3

[OED:] want {verb} = 1. a. intr. To be lacking or missing; not to exist; not to be forthcoming; to be deficient in quantity or degree.
In early use const. with dative or to. rare since the 17th c., and now arch.

3. †b. to want of : to lack, not to have, or to have in insufficient measure: = the trans. sense 2.

3. c. to want for: (chiefly in negative context) to suffer from the want of; to be ill-provided with; in later use also, to be lacking in (some quality).
to want for nothing: to have no lack of any of the necessaries or comforts of life.

Here, I ask only about the olden definitions of 'want', namely those that mean 'to lack'.
Particularly, what are the origins of the prepositions in the prepositional verbs containing want, such as 3b and 3c above? Do these prepositions mean anything?

Per Wikipedia, the prepositions in certain 'phrasal verbs' can be interpreted as metaphors of the original core meaning (except those that defy the principle of compositionality).
So can the prepositions for want above be explained likewise? Please expose and explain any (hidden and missing) semantic drifts and links.

  • I suspect the prepositions are used to make it clear that they aren't the more common meaning of "desire". – Barmar Jun 22 '15 at 18:35
  • 2
    It's probably worth pointing out that the verb usage #3b above (to want of) is flagged = obsolete in OED. The only "valid" version of that one I know of today is in, for example, They are in want of nothing, which may not actually be obsolete, but imho is at the very least dated, if not archaic. – FumbleFingers Sep 12 '15 at 15:03
1

Here's a tentative distinction, that sort of fits what vague feelings I have for what little I've read from this period.

'to want for' = 'to lack something'; The object is not integral to the subject, which is usually animate, hence OED defines this as "to be ill-provided with": "hee cannot want for money"

'to want of' usually means 'to be missing something' and refers to something which is integral to the subject, which is often inanimate or abstract: "The Gold, as well as gilded Silver, wants considerably of that Lustre and Brightness..."

There is also 'the want of' but this is a noun phrase, rather than a phrasal verb, and grammatically quite different.

0

Even though the "to" use is noted as old/archaic, the construction can be thought of in contemporary terms. In general, the presence of the preposition "to" in front of a verb is just an infinitive phrase. In that context, "to want" is not really that different even in a contemporary context from other infinitive phrases such as "to eat," "to walk," etc.

0

The want+preposition is less often used now, except as preserved in old expressions like "to want for nothing", or "wanting in courtesy/manners/common sense etc".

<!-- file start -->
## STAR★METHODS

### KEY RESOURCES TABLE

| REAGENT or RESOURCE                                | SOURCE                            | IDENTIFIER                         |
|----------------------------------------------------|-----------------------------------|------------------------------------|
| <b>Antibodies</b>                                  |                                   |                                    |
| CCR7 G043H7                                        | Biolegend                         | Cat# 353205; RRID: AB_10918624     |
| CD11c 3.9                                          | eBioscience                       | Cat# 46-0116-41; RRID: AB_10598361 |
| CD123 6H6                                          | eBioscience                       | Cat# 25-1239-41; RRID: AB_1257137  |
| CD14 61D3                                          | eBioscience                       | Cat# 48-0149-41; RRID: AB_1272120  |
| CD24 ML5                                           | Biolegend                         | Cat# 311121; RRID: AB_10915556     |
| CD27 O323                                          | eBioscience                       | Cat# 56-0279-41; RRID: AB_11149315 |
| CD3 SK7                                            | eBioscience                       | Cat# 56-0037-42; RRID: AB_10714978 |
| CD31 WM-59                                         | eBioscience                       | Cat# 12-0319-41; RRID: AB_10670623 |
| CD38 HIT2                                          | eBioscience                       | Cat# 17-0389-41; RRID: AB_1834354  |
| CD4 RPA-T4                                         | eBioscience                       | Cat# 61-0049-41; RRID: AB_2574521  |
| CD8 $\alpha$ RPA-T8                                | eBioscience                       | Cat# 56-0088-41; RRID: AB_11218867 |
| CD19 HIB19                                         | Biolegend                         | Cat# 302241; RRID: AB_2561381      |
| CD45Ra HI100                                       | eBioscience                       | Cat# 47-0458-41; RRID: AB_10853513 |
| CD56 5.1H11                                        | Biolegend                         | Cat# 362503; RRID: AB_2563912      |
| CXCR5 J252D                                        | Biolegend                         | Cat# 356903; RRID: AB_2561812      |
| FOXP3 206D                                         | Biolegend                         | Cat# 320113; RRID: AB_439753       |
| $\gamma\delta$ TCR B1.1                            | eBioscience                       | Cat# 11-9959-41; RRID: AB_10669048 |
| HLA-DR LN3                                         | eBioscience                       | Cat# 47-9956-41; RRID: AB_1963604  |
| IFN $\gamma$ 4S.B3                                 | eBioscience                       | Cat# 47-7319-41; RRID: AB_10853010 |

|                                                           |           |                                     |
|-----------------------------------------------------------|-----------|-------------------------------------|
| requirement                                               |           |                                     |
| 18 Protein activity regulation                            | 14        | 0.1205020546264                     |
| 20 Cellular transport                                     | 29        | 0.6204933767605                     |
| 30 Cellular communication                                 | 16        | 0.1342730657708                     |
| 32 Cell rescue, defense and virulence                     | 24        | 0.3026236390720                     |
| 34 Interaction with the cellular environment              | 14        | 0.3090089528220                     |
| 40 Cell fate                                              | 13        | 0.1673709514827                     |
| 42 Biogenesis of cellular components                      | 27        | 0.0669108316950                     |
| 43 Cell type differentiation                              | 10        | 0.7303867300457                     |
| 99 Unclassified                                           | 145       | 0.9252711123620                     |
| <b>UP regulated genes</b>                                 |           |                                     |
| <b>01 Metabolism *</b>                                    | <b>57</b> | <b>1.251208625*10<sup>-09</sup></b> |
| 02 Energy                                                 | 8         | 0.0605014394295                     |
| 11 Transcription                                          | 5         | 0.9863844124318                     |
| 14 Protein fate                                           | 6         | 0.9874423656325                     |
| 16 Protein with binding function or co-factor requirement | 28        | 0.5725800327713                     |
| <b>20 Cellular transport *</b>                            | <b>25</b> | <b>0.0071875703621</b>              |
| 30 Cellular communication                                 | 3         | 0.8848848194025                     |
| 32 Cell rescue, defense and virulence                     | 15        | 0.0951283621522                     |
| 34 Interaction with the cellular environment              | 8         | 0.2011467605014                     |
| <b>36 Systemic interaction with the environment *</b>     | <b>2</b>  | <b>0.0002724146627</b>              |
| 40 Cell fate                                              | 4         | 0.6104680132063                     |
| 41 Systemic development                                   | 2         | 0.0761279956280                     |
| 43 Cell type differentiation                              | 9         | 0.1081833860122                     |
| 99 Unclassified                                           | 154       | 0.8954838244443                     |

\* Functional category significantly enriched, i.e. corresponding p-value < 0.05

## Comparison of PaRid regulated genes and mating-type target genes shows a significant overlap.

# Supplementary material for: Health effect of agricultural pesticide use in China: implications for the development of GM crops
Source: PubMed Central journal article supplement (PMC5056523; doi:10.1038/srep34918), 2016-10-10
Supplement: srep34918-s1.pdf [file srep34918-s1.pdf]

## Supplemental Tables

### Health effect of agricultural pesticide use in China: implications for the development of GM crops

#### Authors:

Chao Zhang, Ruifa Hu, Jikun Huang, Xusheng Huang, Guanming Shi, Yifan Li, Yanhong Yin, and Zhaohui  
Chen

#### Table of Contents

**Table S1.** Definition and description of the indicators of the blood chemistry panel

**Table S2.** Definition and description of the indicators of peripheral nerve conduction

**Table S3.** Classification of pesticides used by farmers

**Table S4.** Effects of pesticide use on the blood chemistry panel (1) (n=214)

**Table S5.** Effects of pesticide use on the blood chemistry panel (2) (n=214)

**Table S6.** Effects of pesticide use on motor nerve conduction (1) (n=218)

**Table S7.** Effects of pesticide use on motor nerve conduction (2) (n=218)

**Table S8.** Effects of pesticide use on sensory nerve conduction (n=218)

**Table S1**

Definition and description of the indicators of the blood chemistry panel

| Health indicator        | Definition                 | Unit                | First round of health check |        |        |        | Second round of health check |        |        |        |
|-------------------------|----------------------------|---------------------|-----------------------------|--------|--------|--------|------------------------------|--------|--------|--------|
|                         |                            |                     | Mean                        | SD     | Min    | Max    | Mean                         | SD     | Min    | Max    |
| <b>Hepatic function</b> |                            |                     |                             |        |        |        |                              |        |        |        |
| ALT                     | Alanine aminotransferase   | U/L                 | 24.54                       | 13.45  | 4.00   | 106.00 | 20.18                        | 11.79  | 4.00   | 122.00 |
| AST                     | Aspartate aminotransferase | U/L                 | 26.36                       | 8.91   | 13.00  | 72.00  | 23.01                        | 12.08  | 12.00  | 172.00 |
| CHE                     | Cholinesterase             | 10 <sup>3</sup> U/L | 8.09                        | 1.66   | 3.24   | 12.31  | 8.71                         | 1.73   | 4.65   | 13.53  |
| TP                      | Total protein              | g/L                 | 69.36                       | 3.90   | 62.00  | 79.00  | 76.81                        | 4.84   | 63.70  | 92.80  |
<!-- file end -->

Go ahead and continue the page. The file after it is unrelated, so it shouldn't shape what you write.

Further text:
I don't know if this was the original sense, but to the modern ear, the presence of a preposition denotes that the less common, archaic meaning of "want" (ie to be lacking or needful) is intended. For that reason, most modern speakers would say 'lacking' or 'missing' instead of using "want for".

Without the preposition, modern speakers would assume the modern meaning of want is "wish" or "desire". Obviously, while "I want a beer" also implies that beer is currently missing or lacking from the speaker's situation, the proper interpretation is just that the speaker wishes for a beer, not that this speaker is always in possession of a beer and his beerless state shows a departure from normalcy. However true that might be.

0

Consider this quote attributed to Benjamin Franklin:

For want of a nail the horseshoe was lost,

For want of a horseshoe the horse was lost,

For want of a horse the rider was lost,

For want of a rider the message was lost,

For want of the message the battle was lost,

For want of a nail the kingdom was lost.

Here the "for" seems to carry the prepositional meaning it does in the phrase "for this reason". "Lack" would work, too, I guess, but it wouldn't sound as Benjamin Franklin-y.

-1

One way which you still hear “want for” used in modern colloquial expressions is in a sentence such as: “He wants for absolutely nothing.” This is used to express that someone has all the luxuries of life.

  • (1) The question already cites the example to want for nothing. What are you contributing by throwing it back as “He wants for absolutely nothing”? (2) The question asks for the meanings and historic origins of the prepositions used with want. Do you have an answer to the question? – Scott Jul 20 '17 at 6:55

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